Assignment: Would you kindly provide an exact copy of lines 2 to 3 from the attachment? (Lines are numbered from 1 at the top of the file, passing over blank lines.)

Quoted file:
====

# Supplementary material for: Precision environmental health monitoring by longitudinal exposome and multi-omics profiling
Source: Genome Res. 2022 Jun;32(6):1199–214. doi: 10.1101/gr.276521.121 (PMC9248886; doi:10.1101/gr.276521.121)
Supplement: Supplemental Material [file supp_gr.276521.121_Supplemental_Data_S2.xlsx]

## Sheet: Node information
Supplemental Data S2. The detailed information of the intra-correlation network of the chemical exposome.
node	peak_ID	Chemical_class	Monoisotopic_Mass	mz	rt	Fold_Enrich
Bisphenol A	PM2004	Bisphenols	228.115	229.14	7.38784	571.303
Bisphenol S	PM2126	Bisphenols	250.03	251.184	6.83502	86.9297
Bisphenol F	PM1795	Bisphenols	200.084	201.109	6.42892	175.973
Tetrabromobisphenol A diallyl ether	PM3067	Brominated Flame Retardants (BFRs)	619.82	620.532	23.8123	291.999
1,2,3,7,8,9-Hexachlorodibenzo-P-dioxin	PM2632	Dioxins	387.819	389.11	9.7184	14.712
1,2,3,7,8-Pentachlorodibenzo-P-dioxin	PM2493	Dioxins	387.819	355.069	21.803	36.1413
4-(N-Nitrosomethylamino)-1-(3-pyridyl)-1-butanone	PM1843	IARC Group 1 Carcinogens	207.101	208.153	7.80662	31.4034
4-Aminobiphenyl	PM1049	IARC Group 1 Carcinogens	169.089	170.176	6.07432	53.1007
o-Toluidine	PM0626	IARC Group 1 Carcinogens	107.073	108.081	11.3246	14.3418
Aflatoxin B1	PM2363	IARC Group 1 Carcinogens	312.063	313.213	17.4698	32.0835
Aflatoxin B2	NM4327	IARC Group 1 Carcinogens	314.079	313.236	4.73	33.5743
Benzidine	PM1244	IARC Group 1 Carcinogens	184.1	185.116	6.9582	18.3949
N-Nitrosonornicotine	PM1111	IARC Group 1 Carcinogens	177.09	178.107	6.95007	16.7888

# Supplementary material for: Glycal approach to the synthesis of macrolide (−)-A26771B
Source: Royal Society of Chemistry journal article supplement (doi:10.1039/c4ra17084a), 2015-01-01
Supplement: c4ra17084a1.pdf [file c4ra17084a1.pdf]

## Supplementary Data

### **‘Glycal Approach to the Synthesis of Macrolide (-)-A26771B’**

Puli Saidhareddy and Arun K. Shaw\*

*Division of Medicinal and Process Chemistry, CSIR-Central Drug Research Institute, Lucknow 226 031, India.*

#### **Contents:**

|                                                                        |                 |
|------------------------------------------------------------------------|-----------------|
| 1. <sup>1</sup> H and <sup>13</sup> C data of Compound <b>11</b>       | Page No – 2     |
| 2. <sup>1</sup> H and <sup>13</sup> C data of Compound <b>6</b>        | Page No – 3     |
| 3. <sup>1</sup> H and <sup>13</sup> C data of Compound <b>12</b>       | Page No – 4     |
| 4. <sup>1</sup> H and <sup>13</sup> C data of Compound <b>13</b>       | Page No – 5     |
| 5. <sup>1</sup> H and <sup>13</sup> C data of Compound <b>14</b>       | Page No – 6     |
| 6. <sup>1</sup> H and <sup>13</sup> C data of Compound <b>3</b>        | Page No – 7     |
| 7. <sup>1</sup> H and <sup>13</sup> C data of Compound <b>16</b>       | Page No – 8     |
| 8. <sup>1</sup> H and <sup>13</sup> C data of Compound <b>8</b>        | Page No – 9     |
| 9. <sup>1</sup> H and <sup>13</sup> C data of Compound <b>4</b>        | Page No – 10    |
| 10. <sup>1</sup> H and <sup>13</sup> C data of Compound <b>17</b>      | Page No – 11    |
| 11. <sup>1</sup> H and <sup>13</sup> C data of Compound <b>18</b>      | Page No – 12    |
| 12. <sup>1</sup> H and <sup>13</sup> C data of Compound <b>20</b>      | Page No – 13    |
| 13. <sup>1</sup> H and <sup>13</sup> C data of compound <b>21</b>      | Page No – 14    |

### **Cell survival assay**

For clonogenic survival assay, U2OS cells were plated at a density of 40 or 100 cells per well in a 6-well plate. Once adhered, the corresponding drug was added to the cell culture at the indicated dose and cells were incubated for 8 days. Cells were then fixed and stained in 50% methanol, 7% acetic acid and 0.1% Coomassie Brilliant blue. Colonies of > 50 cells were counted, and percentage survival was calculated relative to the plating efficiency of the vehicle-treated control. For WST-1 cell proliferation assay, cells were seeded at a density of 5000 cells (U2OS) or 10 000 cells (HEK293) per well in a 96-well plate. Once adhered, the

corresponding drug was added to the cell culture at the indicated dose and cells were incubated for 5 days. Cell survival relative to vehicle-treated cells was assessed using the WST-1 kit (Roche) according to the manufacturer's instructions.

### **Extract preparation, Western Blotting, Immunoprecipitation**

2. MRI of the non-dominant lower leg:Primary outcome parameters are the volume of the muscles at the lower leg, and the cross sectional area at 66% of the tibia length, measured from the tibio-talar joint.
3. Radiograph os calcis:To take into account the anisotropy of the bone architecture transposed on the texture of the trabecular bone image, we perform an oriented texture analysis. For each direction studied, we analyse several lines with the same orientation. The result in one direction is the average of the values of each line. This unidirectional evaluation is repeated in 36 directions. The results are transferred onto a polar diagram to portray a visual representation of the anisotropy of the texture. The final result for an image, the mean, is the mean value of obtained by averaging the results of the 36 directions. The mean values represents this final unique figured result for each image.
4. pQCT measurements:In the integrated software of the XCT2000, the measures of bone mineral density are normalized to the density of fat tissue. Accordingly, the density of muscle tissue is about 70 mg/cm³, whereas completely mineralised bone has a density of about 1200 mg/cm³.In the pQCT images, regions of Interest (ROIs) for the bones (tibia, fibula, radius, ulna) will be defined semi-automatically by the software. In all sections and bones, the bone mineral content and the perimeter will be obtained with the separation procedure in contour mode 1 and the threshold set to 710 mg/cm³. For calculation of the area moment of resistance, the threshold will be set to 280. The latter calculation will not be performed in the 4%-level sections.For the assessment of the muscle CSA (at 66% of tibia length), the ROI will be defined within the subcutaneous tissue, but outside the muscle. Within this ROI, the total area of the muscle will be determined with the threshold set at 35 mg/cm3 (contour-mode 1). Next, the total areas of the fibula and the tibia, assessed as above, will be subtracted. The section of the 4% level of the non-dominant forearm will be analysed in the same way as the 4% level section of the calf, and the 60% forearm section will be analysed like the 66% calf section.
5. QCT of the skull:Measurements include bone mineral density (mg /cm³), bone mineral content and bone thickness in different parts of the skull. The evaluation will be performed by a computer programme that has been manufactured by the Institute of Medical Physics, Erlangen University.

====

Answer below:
Source: Genome Res. 2022 Jun;32(6):1199–214. doi: 10.1101/gr.276521.121 (PMC9248886; doi:10.1101/gr.276521.121)
Supplement: Supplemental Material [file supp_gr.276521.121_Supplemental_Data_S2.xlsx]